Immigration is a dicey issue for 2020 Democrats as they seek Latino vote
Despite large majorities of Democrats and Latinos who support the liberalization of immigration laws, the party’s 2020 presidential candidates are finding it’s still a dicey issue on the campaign trail.
The topic of immigration has the potential to rally or dampen efforts to turn out the growing Latino electorate, a group that showed its potential in the 2018 midterms and is critical to winning up and down the ballot in several key states.
In this election cycle, candidates are being pushed by younger progressive Latinos who are demanding more than just a promise of a pathway to citizenship for “Dreamers” or an immigration reform bill in the first 100 days — instead calling for a stop to deportations.
Democrats are wrestling with trying to appeal to its growing progressive base while not losing more centrist and rural voters — which also includes Latino voters.
Joe Biden, the former vice president, has found himself subject to protests over the record deportations carried out by the Obama administration.
Most recently, those protests so agitated Biden that he admonished an activist who was pressing him to declare a stop on deportations. “You should vote for Trump,” Biden told the activist.
Before that eruption, a top Latina staffer on Biden’s campaign, Vanessa Cardenas, who was his national coalitions director, had quit. Two unnamed friends told Politico she was frustrated that the campaign was not heeding her advice on immigration. Cardenas did not return phone messages and texts from NBC News requesting comment.
Matt Baretto, co-founder of Latino Decisions, a Democratic polling firm, said that many Latino voters are looking at Democratic candidates and asking for bold action on immigration.
That’s why Julián Castro’s promise to decriminalize crossing the border, changing it from criminal violations — a misdemeanor on the first attempt and felony on repeated attempts — to civil, has been well received, Baretto said.
In a poll for Univision after the Miami Democratic debate, Latino Decisions found Latino voters heavily supported Castro’s proposal.
“Most of the proposals coming from Democrats really go back to the Obama administration’s second term, where they had the discretion to say (to Immigration and Customs Enforcement) only focus in on the criminals and leave everyone else alone,” Baretto said. “That’s where the community is on this.”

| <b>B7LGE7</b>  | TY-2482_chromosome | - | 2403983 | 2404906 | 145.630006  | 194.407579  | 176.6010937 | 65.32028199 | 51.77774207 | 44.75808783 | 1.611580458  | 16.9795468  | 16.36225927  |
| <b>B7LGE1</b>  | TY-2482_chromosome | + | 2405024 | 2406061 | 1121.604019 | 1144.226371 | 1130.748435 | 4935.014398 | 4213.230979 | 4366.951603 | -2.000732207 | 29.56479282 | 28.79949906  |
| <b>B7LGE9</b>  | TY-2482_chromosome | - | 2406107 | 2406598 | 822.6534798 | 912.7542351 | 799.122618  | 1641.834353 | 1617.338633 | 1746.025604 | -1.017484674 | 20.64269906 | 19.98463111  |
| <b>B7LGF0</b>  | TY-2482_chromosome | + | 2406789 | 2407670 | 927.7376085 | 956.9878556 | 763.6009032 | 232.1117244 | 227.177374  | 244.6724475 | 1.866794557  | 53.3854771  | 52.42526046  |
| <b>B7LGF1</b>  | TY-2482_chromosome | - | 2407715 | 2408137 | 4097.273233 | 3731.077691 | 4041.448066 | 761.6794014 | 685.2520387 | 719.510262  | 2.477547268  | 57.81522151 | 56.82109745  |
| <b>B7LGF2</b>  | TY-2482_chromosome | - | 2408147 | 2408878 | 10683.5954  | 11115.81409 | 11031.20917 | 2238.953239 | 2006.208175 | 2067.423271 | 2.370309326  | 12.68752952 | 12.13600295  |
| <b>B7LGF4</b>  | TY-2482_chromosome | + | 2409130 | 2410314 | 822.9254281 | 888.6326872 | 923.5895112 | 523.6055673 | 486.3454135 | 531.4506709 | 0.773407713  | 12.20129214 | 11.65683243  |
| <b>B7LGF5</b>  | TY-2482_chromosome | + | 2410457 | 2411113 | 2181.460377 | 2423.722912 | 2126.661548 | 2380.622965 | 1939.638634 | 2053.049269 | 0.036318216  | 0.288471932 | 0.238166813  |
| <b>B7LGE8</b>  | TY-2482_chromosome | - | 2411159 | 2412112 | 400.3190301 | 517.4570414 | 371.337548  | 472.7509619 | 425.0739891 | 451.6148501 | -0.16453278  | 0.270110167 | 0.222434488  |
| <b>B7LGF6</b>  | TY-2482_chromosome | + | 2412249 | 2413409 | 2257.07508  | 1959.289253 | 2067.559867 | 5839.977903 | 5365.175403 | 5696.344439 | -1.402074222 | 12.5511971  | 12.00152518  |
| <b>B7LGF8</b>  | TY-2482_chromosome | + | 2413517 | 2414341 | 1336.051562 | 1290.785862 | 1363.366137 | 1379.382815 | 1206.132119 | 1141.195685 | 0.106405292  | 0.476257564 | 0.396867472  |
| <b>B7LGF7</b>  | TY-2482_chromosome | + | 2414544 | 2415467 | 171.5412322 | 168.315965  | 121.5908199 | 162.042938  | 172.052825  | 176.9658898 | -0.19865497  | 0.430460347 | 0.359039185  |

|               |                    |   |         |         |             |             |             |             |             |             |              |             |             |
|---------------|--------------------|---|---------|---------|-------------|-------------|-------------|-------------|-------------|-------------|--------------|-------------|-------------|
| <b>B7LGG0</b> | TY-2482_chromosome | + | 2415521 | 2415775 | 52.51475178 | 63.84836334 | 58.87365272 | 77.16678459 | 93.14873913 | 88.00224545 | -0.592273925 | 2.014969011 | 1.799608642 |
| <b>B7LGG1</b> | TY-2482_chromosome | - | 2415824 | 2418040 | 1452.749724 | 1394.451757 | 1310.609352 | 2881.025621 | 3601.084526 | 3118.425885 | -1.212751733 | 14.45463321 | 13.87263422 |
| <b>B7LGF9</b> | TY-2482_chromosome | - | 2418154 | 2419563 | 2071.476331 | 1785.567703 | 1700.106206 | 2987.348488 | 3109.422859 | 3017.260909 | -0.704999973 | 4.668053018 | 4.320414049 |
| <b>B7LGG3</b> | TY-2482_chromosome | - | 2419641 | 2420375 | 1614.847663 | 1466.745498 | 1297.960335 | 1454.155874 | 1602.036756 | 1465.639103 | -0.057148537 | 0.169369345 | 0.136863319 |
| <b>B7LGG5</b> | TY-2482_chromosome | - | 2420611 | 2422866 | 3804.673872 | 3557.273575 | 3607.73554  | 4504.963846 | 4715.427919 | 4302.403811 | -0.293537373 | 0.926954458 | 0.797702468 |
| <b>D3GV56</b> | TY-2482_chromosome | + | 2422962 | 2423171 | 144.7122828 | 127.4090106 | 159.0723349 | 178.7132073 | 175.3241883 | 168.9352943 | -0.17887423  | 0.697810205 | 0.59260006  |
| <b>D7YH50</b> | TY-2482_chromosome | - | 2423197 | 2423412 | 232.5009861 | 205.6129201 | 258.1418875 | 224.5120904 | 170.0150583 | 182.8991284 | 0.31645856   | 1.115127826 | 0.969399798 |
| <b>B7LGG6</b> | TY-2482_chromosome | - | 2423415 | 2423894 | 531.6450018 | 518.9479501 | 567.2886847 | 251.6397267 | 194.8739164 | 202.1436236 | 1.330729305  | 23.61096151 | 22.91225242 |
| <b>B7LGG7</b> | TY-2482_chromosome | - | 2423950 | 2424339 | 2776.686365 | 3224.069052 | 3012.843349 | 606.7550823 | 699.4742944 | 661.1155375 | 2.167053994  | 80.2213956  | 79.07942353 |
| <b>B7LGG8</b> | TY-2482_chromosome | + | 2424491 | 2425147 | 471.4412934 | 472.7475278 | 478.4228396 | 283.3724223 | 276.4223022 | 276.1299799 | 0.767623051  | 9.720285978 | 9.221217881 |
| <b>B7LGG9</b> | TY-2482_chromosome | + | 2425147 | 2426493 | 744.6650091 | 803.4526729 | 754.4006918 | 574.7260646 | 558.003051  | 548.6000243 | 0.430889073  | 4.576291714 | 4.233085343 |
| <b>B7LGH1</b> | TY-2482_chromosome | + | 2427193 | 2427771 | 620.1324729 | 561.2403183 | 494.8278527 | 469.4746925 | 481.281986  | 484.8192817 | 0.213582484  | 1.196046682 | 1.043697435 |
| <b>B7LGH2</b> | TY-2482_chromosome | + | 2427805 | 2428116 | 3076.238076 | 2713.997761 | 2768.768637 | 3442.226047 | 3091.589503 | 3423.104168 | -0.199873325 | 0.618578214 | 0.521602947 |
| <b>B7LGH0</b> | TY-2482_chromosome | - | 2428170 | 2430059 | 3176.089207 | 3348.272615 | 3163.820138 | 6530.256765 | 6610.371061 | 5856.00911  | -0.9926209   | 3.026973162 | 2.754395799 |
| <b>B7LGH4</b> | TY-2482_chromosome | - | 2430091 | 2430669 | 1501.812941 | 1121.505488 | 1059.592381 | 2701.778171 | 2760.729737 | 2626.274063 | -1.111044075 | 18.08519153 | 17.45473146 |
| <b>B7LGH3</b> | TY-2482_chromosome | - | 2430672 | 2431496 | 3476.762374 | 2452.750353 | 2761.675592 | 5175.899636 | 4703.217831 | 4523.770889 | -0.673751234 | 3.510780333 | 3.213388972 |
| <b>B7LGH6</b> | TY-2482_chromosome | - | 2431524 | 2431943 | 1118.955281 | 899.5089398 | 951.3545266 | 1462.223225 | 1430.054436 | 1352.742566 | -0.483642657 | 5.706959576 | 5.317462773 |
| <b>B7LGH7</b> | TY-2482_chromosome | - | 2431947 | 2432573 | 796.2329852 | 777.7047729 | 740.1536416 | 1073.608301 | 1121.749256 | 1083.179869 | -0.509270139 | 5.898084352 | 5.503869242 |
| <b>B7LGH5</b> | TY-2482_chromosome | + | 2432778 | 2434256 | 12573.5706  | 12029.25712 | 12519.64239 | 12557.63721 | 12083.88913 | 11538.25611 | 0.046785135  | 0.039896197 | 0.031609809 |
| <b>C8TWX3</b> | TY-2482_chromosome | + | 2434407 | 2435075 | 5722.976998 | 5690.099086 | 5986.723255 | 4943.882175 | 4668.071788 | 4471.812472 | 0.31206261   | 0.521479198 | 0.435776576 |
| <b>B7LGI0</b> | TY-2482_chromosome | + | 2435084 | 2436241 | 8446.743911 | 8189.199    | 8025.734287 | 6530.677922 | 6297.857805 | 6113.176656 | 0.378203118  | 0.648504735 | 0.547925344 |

A Latino Decisions poll in 2012 showed a majority of Latino voters were upset about the record deportations that were happening under the Obama administration. Before that year’s midterm elections, former President Barack Obama became the subject of protests organized by former allies, young Latinos who had been part of his winning coalition in 2008.
Facing criticism that she wasn’t calling out Obama enough on the deportations, Janet Murguía, president of UnidosUS, formerly the National Council of La Raza, called Obama “deporter in chief” in a speech at its annual gala. That moniker stuck and became fodder for political opponents who held it up as evidence that Obama and Democrats were taking Latino voters for granted.
Obama turned things around by authorizing the Deferred Action for Childhood Arrivals program, which gave younger immigrants temporary, renewable protection from deportation and permission to work. Studies show the program has bolstered the nation’s workforce and contributed billions to the national economy.
While that helped Obama win re-election in 2012, the 27 percent Latino turnout rate in the 2014 midterms was a record low, according to Pew Research Center. Several days after the 2014 election, Obama used executive action to issue a new policy that resulted in fewer deportations and created a program similar to DACA for parents of U.S. citizen and legal resident children.
Those policies took a sharp turn in the past four years. President Donald Trump has implemented hardline immigration policies including severely restricted immigration, increased deportations, an attempt to end DACA, the separation of children, including babies, from parents at the border, and much tougher restrictions on seeking asylum in the U.S. and immigrating legally.
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